OUT: Sunday Column April 05, 2009

Forget doing the taxes, hunting papers due Tuesday

That deadline for 2009 limited-license big-game hunting applications is, like, Tuesday.

Your taxes can wait another week, but something as important as having a place to hunt
next fall can’t.

If you’ve procrastinated this late, the easiest and fastest way is to log on to the Division of Wildlife Web site at wildlife.state.co.us, click on Hunting and follow the links to the application page.

It takes about 10 minutes or less, if you already know the season and the game management unit where you want to hunt.

It’s really easy and it’s a glimpse of how things are going to be. The ever-growing embrace of technology, and the simple fact that newsprint is expensive and getting more so, means it’s likely some day you won’t get the brochure in the mail and won’t have an option between Internet convenience and the snail mail process.

Plus, filling in the blank on your computer virtually guarantees a mistake-free application, which means you have a better chance of actually getting that much-coveted tag.

About the only mistakes you can make are forgetting to scout the area beforehand, shoot your rifle enough to become familiar with it or figure out what you’re going to do with the big animal once it’s on the ground.

The computer can’t really help with any of those or the myriad of other challenges hunters face, but that black box can connect you with people and videos that have some of the answers.

The heavy lifting, though, still is up to you.

As I write this column, the Omnibus Public Land Management Act of 2009, the bill that contains the National Landscape Conservation System Permanence Act that protects over 26 million acres of public land in perpetuity, was adopted by the House of Representatives by the vote 285-140.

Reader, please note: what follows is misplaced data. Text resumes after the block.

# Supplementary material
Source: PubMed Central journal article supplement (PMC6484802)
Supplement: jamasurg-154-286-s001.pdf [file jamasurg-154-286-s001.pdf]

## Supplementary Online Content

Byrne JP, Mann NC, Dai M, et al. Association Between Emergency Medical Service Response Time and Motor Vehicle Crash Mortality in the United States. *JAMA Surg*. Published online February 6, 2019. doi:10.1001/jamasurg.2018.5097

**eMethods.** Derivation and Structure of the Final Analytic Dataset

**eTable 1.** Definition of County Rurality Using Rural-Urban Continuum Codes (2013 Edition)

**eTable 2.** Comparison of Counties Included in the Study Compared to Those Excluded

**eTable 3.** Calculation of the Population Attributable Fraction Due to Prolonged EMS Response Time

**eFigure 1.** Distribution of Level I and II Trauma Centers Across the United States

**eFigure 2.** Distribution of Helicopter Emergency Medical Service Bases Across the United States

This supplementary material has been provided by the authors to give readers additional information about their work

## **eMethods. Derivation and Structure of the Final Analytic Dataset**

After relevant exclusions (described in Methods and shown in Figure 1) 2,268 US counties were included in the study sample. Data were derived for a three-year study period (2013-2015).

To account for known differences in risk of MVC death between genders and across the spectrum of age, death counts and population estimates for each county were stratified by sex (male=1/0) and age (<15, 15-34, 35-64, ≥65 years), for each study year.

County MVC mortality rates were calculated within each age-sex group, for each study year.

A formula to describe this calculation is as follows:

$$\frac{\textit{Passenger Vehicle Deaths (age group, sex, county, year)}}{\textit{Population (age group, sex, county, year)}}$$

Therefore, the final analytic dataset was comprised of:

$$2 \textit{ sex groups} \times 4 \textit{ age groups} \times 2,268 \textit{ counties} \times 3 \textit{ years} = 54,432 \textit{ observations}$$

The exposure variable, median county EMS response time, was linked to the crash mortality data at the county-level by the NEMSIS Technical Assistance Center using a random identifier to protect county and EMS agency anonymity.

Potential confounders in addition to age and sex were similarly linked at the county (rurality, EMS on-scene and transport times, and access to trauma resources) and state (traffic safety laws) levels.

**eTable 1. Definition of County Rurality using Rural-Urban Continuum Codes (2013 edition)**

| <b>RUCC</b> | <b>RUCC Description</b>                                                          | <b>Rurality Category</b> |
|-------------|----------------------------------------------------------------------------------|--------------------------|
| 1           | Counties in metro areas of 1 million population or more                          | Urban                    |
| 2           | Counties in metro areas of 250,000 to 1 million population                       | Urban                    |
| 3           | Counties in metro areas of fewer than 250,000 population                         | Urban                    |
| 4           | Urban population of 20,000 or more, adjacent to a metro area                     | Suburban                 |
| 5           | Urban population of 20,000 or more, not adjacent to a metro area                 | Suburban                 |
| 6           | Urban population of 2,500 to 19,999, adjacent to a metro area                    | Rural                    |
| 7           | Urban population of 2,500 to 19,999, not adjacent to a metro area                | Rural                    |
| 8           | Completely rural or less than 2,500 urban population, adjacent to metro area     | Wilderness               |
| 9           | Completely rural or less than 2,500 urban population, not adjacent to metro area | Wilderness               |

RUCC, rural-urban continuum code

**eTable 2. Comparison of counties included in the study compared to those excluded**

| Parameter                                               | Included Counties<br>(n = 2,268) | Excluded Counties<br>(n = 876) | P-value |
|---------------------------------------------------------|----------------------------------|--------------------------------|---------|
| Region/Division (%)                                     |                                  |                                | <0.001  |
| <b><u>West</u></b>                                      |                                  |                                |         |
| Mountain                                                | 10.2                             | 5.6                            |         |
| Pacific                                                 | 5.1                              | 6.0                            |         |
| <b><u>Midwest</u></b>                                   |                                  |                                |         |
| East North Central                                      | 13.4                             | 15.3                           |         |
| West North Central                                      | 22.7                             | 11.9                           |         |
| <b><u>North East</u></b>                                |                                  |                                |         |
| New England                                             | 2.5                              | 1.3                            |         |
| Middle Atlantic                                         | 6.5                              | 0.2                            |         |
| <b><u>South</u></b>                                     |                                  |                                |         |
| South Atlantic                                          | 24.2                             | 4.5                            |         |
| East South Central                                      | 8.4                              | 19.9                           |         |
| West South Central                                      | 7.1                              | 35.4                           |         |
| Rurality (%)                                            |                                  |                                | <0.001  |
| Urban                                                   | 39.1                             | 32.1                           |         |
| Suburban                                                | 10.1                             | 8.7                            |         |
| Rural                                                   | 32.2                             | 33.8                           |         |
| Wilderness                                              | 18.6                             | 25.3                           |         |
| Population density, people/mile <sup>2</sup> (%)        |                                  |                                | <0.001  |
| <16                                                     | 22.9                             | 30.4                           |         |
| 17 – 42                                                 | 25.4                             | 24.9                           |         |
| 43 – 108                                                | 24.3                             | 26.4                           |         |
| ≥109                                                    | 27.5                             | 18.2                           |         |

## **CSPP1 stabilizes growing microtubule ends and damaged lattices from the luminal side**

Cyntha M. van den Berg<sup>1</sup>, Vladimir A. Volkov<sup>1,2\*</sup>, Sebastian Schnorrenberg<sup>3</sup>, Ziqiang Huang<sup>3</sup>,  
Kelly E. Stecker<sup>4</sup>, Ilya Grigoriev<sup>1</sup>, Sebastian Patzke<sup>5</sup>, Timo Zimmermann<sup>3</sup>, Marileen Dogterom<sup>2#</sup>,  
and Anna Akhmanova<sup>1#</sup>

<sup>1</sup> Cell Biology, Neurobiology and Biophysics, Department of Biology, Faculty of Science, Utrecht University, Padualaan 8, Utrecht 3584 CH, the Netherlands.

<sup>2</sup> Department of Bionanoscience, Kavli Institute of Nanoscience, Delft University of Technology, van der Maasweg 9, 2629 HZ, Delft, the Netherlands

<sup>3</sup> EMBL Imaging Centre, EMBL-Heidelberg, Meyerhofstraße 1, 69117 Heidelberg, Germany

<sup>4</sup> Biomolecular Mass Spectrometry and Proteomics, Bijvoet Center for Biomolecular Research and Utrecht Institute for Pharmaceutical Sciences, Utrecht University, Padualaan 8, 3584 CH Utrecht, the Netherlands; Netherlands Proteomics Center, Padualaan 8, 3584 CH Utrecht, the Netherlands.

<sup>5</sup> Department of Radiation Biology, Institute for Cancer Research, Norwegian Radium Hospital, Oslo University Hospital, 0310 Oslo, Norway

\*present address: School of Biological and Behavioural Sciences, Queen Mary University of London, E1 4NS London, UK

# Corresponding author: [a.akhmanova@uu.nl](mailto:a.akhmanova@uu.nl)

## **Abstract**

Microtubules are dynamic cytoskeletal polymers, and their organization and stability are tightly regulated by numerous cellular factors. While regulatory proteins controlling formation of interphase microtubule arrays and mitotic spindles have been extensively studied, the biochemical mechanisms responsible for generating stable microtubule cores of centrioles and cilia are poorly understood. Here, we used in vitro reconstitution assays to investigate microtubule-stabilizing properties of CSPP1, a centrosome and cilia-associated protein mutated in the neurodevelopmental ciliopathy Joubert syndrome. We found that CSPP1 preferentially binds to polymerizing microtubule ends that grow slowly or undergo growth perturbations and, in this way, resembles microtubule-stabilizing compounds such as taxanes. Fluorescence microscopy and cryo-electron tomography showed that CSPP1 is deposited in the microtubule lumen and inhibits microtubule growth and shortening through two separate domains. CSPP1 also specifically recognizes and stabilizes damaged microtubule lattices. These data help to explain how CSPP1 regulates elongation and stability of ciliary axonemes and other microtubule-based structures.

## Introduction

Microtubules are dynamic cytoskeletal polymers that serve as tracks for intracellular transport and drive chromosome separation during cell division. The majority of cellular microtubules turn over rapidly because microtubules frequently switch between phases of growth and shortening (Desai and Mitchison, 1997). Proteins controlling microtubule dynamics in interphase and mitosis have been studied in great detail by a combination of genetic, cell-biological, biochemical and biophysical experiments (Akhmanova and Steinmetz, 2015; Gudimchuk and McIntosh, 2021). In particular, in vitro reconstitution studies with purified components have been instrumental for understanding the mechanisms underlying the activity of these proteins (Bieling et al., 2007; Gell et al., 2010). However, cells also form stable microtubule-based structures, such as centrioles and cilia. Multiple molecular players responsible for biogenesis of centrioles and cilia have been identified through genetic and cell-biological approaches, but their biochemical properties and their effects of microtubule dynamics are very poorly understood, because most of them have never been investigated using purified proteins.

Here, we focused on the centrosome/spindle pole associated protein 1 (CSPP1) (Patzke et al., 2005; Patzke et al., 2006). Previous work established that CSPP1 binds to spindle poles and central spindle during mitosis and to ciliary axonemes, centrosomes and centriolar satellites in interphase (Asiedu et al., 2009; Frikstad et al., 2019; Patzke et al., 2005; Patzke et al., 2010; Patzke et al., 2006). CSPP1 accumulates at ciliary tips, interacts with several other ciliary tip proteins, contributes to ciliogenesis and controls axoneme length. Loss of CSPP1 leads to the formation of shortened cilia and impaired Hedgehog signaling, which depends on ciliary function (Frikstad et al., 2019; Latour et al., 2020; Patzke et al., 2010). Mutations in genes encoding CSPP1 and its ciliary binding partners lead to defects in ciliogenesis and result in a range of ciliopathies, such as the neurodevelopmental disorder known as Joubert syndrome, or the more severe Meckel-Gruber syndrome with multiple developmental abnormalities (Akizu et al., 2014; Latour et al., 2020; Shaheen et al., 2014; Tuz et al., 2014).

“This is great news for sportsmen, particularly here in the West, where the conservation system protects some of the best fishing and hunting territory left in the United States,” said Dave Glenn, backcountry lands director for Trout Unlimited. “This means that places like Colorado’s Gunnison Gorge and Oregon’s Steens Mountain region will be intact for future generations of sportsmen and women. Thanks to this bill, our hunting and fishing heritage remains alive and well.”

The National Landscape Conservation System consists of a vast network of public lands managed by the Bureau of Land Management. The system was created in the late 1990s but enjoyed only administrative protection.

Now that protection is now permanent and that gives sportsmen all over the West guaranteed access to some of the last and best fish and game habitat left in the country.

“Congress did right by sportsmen today, and we’re grateful for that,” said Jim Bartschi, president of Scott Fly Rods Inc. of Montrose. “The (Gunnison) Gorge is one of the best wild trout fisheries in the West, and we’re fortunate to have it right out the back door. To know that it will always be there is gratifying, not just as a businessman, but as someone who likes to get off the beaten path and experience what the West is really all about.”

The Senate passed S.22 twice, by votes of 73-21 and then 77-20, the second vote showing the broad range of support for the protections offered.

“This bill protects a lot of wildlife habitat,” said Chris Hunt of Trout Unlimited, “and that translates into more opportunity for anglers and hunters and other recreationists. That’s the bottom line.”

But the question that hasn’t been answered is how all these new land protection measures are going to be financed.

Perhaps the bill has some fiscal allowances that haven’t been made public, but how can our budget-strapped federal land management agencies be expected to re-direct their efforts without support from, well, who?

Private citizens becoming watchdogs? Budget increases while the country is dealing with a $1.3 trillion deficit? A few bake sales to raise money for signs and fences?

As you recall, the Bureau of Land Management in recent years has become a dealer in energy leases, not the public lands multi-use management agency it was before.

The bill calls for some distinct and immediate changes in vision and direction for the BLM and the Forest Service, and making those changes in a governmental agency is akin to turning the Queen Mary.

Not that it can’t be done, but it’s going to take a while to do it.


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